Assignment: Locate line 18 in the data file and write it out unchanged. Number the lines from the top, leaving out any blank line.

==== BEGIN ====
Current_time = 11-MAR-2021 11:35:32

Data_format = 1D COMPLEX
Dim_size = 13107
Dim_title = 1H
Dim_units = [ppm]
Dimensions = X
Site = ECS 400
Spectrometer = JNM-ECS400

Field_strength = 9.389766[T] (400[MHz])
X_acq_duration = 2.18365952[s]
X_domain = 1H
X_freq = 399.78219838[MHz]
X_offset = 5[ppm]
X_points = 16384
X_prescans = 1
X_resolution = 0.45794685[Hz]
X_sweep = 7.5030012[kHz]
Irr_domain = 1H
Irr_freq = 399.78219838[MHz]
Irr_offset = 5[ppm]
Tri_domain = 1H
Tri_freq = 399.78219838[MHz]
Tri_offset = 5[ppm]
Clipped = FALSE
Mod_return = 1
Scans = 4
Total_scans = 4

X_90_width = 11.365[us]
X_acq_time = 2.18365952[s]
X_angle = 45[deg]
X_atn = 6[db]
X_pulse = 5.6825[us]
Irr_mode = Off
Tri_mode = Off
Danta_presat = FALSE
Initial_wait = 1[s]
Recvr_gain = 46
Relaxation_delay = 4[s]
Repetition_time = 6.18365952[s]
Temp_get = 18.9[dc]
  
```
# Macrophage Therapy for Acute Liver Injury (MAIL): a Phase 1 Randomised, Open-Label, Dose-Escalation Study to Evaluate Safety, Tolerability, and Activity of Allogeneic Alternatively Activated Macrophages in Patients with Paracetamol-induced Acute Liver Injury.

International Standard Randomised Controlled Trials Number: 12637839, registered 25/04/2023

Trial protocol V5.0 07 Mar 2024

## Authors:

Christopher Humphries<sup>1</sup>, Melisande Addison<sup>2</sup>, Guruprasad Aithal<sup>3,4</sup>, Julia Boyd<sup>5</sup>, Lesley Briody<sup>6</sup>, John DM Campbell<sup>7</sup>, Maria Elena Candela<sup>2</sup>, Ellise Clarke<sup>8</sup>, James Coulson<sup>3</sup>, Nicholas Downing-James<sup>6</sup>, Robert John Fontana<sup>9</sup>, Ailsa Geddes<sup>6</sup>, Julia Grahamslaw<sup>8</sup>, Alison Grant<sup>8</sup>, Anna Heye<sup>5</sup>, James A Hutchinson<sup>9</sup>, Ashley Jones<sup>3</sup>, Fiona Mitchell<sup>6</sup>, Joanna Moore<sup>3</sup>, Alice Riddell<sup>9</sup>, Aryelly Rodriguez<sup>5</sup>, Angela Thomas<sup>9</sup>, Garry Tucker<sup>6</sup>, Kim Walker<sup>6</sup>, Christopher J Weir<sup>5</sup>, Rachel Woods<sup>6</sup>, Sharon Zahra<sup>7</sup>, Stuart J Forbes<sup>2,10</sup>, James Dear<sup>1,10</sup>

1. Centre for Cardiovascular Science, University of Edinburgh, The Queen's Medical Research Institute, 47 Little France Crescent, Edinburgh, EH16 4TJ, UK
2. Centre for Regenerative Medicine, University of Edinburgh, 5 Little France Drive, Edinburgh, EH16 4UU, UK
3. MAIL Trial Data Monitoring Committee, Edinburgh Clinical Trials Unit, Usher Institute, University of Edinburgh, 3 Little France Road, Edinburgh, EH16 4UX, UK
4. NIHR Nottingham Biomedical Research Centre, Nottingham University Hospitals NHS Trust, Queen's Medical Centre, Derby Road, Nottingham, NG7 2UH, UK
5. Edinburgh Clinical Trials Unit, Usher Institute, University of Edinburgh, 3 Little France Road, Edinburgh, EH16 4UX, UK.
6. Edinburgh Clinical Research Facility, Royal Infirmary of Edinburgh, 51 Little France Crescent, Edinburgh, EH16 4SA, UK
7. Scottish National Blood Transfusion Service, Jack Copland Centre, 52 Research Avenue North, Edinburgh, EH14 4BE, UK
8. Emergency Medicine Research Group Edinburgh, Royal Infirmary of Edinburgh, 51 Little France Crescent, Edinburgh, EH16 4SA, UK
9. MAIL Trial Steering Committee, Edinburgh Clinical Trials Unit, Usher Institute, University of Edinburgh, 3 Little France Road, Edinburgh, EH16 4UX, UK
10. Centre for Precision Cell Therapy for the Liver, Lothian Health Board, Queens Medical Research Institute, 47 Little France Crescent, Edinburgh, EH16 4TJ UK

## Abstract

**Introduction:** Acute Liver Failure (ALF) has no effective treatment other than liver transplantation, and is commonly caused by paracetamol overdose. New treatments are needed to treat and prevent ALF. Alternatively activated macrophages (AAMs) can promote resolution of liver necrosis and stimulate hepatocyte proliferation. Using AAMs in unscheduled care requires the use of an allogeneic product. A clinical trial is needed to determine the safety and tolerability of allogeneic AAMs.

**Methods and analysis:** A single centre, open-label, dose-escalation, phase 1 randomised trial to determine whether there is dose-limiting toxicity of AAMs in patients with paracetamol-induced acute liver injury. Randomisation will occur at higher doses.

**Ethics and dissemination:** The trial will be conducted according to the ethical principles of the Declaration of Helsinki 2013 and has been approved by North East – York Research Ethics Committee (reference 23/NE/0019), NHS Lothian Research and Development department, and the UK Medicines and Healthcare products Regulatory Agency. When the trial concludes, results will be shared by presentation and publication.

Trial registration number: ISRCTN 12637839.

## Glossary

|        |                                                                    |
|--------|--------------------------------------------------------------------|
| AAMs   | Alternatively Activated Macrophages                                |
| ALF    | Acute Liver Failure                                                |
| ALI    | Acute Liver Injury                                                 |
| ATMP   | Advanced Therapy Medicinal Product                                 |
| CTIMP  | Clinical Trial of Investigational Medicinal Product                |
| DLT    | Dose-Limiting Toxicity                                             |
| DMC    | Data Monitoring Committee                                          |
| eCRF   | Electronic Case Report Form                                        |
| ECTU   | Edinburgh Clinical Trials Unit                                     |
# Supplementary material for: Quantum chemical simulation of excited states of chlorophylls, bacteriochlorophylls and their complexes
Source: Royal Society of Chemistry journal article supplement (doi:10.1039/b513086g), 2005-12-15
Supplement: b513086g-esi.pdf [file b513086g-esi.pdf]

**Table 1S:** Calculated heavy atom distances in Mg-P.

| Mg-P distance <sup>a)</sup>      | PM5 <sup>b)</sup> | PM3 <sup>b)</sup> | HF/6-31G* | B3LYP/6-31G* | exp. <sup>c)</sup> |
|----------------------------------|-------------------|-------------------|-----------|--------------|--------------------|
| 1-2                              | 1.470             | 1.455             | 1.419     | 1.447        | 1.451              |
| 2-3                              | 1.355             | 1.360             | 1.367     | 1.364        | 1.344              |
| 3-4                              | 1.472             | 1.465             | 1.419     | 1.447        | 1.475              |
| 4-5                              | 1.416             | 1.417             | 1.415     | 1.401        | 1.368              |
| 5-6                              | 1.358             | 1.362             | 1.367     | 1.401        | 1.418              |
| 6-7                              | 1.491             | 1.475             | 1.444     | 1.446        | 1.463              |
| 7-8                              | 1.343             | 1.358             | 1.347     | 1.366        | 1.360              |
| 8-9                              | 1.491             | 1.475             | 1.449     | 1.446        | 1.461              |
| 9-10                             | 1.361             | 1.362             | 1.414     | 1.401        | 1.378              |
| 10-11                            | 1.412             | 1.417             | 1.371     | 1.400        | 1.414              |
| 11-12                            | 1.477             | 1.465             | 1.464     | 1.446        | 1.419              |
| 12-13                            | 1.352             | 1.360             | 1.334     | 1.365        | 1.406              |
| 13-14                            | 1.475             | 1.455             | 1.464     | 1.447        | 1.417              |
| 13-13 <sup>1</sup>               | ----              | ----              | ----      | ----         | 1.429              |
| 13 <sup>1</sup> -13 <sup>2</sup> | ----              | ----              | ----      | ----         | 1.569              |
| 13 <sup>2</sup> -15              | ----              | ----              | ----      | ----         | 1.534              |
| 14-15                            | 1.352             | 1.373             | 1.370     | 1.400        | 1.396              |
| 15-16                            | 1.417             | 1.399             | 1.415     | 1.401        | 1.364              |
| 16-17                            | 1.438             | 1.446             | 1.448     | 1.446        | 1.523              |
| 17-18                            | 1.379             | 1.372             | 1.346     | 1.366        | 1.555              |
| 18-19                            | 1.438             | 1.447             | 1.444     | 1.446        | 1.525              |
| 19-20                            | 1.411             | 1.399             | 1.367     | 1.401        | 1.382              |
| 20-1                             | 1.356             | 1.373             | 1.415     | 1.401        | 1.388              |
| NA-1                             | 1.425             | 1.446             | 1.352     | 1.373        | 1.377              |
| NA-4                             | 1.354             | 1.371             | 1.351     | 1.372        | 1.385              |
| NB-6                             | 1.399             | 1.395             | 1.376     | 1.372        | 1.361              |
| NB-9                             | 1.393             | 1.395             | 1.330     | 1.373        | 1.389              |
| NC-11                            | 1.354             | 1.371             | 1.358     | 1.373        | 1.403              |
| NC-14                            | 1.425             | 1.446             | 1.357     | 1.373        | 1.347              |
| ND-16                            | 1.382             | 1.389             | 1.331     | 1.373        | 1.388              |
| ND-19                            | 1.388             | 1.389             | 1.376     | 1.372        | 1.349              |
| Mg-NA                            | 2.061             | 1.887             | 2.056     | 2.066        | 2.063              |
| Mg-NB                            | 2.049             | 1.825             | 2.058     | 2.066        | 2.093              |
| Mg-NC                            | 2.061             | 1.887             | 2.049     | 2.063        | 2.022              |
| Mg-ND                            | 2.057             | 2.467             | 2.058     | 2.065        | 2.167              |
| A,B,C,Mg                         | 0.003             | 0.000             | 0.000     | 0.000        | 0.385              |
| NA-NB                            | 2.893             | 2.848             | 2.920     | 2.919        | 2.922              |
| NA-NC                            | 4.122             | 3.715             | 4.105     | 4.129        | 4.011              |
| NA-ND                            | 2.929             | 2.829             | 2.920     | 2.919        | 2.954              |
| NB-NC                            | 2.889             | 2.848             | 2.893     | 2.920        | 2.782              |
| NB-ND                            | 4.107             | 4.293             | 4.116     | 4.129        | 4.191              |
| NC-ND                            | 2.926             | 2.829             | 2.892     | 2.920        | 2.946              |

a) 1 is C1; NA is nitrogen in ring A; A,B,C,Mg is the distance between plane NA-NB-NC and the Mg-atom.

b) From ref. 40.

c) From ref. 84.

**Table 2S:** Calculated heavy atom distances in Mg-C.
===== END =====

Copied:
Irr_domain = 1H